The current costs of drug discovery are extremely high and need to be addressed if diseases such as AIDS and malaria are to be combated. The major reasons for the high costs are the use of expensive in vitro methods and the high failure rate of drugs at clinical testing phases. In silico techniques hold tremendous potential in addressing the high costs. In silico drug design can be done at a fraction of the cost of in vitro techniques, and can be used in synergy with in vitro techniques by doing much of the screening before any experimental studies, thereby reducing the chemical space to be searched experimentally. In silico techniques can also enhance the quality of drug candidates sent to clinical phases, increasing the probability of success. In this study techniques were investigated to build analogous ligand libraries with scaffolds and molecular building blocks through a user guided process, including the development of the LIGLIB program, which is an Open Source package for lead development. The Markush molecular enumeration technique was implemented in C++ with a Python front-end extending it to the Python molecular visualization tool, Chimera. The software makes use of chemical graphs to make permutations according to user inputs, generating an output library in SMILES and Mol2 format, the later of which is generated by Corina. As part of the validation of the software it was used in a lead discovery experiment which targeted Plasmodium falciparum Glutathione S-transferase. The developed software was able to generate a series of suitable molecules, thereby validating the Markush molecular enumeration technique as well as its implementation in LIGLIB.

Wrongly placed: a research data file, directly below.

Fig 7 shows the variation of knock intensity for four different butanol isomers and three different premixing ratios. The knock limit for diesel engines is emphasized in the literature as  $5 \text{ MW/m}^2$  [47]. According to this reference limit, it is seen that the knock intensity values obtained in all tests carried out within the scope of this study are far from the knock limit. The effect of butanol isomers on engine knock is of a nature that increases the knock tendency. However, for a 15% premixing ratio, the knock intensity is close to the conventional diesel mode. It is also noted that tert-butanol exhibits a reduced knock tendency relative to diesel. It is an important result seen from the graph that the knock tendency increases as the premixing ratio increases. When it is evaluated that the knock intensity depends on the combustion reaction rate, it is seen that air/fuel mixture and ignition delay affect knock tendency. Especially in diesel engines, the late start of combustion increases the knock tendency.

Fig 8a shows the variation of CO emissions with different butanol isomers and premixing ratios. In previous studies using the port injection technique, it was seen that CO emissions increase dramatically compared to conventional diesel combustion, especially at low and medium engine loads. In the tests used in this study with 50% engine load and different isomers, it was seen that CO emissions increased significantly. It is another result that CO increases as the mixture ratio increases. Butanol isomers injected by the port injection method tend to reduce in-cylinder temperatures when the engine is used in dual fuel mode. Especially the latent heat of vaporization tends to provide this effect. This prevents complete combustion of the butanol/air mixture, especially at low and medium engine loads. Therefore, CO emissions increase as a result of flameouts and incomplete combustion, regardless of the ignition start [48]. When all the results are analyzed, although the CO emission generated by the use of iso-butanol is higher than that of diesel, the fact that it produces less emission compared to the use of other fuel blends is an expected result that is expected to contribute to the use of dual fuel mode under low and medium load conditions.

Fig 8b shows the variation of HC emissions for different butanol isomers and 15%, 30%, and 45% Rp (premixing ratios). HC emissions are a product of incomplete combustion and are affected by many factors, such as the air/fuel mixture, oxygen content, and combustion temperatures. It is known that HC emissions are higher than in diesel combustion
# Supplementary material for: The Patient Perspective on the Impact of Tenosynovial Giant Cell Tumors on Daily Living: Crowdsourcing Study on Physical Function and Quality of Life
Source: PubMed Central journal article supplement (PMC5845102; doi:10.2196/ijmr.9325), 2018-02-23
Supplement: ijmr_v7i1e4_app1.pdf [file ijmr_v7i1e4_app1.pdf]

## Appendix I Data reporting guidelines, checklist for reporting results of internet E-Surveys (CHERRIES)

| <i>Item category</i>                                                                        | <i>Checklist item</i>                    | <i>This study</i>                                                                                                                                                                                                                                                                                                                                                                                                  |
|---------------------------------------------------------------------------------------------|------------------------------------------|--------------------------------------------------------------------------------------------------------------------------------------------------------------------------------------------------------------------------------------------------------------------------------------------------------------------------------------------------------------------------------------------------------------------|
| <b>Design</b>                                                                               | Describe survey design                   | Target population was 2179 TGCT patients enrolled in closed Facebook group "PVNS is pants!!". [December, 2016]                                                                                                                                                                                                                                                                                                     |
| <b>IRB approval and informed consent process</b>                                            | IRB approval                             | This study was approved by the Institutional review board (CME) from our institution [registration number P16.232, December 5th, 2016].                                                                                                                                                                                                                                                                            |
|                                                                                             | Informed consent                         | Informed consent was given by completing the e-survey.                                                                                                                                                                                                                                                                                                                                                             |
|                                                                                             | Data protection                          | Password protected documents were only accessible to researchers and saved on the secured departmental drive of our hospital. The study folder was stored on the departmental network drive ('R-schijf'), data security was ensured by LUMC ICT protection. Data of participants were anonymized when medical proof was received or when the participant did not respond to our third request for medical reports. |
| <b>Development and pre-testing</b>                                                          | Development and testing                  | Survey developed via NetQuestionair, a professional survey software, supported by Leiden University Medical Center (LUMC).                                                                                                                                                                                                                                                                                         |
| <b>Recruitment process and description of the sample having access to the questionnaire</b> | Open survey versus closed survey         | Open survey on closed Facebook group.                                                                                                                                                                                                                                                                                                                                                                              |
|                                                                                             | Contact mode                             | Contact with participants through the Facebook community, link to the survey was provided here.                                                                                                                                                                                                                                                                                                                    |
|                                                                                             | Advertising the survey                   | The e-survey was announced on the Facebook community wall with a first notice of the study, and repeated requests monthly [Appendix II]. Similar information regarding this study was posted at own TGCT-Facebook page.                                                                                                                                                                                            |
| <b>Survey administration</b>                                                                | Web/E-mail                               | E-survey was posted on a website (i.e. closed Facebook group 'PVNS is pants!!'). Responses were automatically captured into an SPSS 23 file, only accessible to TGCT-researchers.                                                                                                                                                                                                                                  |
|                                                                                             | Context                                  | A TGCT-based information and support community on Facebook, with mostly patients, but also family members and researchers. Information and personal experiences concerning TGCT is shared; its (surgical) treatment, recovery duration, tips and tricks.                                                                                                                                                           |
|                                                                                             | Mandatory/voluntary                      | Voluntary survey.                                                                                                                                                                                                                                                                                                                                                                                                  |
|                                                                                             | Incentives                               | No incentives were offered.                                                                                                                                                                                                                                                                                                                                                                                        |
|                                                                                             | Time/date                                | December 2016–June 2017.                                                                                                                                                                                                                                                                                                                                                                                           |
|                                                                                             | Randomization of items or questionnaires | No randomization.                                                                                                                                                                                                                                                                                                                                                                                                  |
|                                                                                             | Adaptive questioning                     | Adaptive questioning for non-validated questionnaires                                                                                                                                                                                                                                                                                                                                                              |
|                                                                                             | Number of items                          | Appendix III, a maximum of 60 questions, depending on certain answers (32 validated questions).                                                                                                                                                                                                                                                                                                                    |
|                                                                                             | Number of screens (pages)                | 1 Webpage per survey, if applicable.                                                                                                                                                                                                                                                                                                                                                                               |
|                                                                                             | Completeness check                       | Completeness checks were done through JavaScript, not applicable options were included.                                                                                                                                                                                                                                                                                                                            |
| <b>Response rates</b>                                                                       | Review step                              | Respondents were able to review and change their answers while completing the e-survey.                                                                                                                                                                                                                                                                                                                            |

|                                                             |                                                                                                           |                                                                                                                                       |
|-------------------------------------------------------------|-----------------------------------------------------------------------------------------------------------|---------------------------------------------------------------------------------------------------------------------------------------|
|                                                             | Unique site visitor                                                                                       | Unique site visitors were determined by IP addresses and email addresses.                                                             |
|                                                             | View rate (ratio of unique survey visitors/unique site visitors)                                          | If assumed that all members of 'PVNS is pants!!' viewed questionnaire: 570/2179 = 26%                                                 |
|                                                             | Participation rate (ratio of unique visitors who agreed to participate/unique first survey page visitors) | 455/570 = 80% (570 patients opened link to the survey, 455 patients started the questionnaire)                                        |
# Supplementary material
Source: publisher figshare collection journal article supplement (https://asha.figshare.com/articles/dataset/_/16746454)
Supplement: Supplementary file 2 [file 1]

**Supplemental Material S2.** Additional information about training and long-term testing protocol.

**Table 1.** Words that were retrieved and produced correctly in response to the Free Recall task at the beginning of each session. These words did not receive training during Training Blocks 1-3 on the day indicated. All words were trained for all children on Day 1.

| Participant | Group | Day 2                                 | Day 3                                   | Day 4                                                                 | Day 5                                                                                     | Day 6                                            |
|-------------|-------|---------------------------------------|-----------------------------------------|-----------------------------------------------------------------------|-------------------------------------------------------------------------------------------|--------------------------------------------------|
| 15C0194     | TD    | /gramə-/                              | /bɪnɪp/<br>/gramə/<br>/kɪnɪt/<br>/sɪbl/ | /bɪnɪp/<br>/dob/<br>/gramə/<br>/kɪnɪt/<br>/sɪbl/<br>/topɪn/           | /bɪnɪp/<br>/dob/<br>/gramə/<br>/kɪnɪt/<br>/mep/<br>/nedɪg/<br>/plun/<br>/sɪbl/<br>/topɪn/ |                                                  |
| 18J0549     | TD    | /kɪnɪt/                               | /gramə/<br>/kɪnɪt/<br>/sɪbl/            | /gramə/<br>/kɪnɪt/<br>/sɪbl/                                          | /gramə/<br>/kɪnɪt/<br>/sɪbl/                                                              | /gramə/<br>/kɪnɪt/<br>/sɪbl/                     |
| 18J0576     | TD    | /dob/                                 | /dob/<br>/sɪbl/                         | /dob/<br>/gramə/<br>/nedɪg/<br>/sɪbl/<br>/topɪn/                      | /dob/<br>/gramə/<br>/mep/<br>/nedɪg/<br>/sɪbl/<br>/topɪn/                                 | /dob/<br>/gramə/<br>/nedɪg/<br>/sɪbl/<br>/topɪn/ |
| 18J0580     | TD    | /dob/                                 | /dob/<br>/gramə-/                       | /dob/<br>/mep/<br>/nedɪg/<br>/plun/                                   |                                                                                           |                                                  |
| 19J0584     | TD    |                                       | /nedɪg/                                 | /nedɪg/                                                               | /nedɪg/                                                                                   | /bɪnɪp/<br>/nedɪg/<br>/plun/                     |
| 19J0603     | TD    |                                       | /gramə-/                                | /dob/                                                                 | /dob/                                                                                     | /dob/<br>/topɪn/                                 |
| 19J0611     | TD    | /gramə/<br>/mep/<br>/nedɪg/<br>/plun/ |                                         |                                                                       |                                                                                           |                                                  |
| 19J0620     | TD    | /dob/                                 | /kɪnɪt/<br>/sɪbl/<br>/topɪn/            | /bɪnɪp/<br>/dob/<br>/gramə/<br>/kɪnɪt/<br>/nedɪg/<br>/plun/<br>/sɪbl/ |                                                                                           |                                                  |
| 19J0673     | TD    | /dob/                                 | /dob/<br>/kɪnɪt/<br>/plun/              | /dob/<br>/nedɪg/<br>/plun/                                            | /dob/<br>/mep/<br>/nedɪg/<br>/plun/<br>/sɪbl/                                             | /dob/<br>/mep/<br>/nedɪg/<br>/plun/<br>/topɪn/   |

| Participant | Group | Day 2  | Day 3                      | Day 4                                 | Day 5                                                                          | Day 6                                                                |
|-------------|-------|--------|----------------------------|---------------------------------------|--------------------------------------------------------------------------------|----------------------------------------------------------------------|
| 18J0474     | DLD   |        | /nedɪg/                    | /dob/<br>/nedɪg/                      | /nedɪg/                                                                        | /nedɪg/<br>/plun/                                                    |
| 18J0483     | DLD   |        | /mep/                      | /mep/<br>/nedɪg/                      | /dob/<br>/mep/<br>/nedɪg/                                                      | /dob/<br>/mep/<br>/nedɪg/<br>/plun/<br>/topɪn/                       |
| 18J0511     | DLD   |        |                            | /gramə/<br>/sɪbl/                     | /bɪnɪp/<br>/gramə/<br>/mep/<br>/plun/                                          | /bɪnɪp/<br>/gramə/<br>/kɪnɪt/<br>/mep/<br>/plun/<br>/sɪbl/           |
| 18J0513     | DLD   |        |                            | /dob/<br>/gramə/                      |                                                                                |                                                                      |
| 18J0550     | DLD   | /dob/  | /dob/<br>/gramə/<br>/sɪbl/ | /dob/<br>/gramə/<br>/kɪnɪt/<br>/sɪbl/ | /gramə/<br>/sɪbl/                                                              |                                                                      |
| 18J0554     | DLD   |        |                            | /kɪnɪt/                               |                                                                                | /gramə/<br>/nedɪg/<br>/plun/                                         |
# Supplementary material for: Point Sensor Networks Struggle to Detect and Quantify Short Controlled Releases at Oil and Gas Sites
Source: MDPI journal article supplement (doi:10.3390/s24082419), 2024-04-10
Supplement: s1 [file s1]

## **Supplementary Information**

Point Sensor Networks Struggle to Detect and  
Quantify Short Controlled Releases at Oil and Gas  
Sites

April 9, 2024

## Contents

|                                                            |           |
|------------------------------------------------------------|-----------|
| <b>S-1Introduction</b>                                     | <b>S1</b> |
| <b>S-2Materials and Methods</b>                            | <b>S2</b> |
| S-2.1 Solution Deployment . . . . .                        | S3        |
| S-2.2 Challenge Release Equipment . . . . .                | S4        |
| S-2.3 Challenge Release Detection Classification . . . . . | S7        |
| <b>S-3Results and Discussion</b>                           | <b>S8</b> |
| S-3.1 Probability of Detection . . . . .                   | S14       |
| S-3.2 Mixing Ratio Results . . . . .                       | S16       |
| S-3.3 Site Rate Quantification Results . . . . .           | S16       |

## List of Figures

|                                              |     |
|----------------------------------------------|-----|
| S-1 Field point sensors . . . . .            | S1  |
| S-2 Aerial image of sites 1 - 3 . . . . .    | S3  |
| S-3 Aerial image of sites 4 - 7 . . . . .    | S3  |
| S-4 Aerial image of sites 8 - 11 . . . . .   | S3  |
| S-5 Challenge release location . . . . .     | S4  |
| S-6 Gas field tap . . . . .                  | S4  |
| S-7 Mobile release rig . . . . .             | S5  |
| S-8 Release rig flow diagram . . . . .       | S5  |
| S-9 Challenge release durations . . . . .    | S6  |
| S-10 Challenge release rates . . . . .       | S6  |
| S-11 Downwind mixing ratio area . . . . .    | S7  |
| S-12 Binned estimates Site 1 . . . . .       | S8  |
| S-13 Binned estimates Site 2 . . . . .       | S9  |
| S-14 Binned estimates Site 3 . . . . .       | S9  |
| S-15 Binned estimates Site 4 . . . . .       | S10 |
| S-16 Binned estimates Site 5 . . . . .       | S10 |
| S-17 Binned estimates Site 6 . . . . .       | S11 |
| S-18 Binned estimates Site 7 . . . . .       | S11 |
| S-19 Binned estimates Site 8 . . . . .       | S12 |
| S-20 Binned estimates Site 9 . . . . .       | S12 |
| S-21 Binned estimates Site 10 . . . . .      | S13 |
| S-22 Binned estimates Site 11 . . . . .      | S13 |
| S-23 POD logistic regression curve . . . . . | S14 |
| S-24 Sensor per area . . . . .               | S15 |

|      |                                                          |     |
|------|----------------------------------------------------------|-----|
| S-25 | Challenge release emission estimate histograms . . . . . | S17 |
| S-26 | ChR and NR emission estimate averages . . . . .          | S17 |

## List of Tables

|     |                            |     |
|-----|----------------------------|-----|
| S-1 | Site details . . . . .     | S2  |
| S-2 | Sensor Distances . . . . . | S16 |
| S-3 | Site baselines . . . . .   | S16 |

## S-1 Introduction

Dissertation (MSc (Bioinformatics))--University of Pretoria, 2008.